The Herald Bulletin

Morning Update


October 26, 2013

The statues and their parents: The rest of the story


For the next year he was an invalid and was unable to walk. He passed his time by reading and wrote some articles for the local newspaper. It was finally decided that his leg should be amputated and the operation was performed. Whether because of infection or because of an already weakened condition he died in December of 1887, soon after the operation.

The statues

After Charley’s death, Dr. and Mrs. Hilligoss put into action a plan they had had for some time. They wanted to commemorate their children’s lives in a way which would cause them to be remembered. They commissioned the statues through an agent in Indianapolis. Photographs of the children were sent to the sculptor in Florence, Italy, so that the statues could be as much like Gertie and Charley as possible.

The statues almost ended up as unfinished work. A lynching of Italian immigrants reputed to be Mafioso in New Orleans outraged the artist and he had to be coaxed into finishing them. They were finally delivered in the spring of 1892 and set above the children’s graves in West Maplewood.

The lawsuit

Three years after the statues arrived they were part of a public drama involving their mother. An Elder W. R. Covert, a minister of the Church of God, was conducting a crusade against Spiritualism. Camp Chesterfield was one of his targets, so he brought his message to the local area. Anyone had a right to believe in Spiritualism (he said), but the mediums who conducted séances were either liars, knaves, fools, frauds or ignoramuses. He boasted that he could uncover and unmask any trick of any Spiritualist.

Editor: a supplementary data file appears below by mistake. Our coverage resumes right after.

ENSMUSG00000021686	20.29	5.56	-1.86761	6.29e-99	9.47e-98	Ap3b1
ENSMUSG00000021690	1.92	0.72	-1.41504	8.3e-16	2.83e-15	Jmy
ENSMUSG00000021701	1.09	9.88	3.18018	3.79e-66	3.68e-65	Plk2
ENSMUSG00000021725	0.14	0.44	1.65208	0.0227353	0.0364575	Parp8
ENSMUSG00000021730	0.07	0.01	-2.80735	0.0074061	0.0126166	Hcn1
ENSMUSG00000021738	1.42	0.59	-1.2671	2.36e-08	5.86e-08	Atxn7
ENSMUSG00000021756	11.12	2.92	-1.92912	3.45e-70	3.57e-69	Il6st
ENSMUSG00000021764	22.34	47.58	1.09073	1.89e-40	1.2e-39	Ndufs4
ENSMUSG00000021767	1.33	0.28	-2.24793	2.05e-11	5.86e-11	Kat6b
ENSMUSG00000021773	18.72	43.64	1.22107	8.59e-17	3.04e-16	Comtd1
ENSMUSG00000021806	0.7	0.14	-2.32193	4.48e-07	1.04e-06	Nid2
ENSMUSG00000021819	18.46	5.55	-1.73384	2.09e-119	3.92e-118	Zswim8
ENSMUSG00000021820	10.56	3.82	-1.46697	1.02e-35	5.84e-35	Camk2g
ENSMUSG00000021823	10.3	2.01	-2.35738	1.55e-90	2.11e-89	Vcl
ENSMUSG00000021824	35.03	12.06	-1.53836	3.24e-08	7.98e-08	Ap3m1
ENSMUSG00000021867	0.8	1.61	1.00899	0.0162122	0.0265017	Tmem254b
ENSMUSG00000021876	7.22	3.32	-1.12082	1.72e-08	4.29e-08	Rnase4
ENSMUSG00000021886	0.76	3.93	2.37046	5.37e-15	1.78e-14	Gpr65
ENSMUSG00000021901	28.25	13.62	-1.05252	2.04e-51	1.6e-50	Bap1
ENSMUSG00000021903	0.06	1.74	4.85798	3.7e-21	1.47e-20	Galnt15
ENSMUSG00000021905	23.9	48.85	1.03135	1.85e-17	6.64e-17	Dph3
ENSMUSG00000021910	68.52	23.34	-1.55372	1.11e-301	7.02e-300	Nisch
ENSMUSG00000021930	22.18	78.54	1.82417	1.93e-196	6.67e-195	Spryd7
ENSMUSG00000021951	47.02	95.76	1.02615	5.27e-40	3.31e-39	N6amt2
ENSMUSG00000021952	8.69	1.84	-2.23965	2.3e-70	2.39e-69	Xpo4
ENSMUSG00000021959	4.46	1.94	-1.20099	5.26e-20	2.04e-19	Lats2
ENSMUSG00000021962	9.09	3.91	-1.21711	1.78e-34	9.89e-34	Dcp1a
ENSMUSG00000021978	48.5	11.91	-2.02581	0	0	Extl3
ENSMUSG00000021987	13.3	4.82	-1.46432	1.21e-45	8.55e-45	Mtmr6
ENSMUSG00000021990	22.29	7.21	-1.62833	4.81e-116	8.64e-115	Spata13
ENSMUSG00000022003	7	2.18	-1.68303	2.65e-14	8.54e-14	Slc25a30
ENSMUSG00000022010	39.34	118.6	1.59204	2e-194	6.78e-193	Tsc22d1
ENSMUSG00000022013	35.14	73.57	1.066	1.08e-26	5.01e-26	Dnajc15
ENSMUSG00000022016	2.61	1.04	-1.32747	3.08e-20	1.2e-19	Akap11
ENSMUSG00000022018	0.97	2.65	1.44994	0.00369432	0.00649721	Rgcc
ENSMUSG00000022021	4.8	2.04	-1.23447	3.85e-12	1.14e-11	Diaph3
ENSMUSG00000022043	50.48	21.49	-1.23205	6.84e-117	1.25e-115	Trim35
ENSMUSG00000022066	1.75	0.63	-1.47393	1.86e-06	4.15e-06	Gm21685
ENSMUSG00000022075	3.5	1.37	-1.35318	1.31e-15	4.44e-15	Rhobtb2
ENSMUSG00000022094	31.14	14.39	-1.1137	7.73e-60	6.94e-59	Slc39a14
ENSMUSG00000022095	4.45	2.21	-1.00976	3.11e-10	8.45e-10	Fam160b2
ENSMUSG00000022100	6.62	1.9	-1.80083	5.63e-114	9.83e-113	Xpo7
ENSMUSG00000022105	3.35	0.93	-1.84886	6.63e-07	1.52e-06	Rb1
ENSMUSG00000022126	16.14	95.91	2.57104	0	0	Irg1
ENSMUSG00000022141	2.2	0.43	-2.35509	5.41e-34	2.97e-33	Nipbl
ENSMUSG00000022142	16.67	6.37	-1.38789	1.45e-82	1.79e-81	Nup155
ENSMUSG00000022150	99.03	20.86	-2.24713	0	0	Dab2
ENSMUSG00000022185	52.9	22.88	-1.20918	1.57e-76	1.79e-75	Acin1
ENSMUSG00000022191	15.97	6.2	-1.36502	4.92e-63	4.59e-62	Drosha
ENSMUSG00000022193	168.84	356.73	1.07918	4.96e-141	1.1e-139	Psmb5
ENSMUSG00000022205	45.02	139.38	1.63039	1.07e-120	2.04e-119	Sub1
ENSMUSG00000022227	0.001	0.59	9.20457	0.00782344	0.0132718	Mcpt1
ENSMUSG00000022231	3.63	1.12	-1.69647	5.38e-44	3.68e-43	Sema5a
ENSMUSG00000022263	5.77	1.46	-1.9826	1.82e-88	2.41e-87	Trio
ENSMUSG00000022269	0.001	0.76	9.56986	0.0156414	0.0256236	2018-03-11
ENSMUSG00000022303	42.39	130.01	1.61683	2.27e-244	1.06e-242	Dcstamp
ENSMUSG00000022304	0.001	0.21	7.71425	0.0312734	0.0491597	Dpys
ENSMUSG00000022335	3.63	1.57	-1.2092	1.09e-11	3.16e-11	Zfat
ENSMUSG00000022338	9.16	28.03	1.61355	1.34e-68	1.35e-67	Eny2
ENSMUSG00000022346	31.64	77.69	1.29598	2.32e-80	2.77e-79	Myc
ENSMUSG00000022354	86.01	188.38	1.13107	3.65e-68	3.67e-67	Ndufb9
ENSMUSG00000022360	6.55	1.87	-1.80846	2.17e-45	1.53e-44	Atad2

Covert seems to have been a bully who was spoiling for a fight. Caroline Hilligoss took his comments to mean that he was calling her a crook and a cheat. She filed a $10,000 suit for slander against Covert. Whether Covert had targeted Caroline Hilligoss personally at first or not, he got personal right away.

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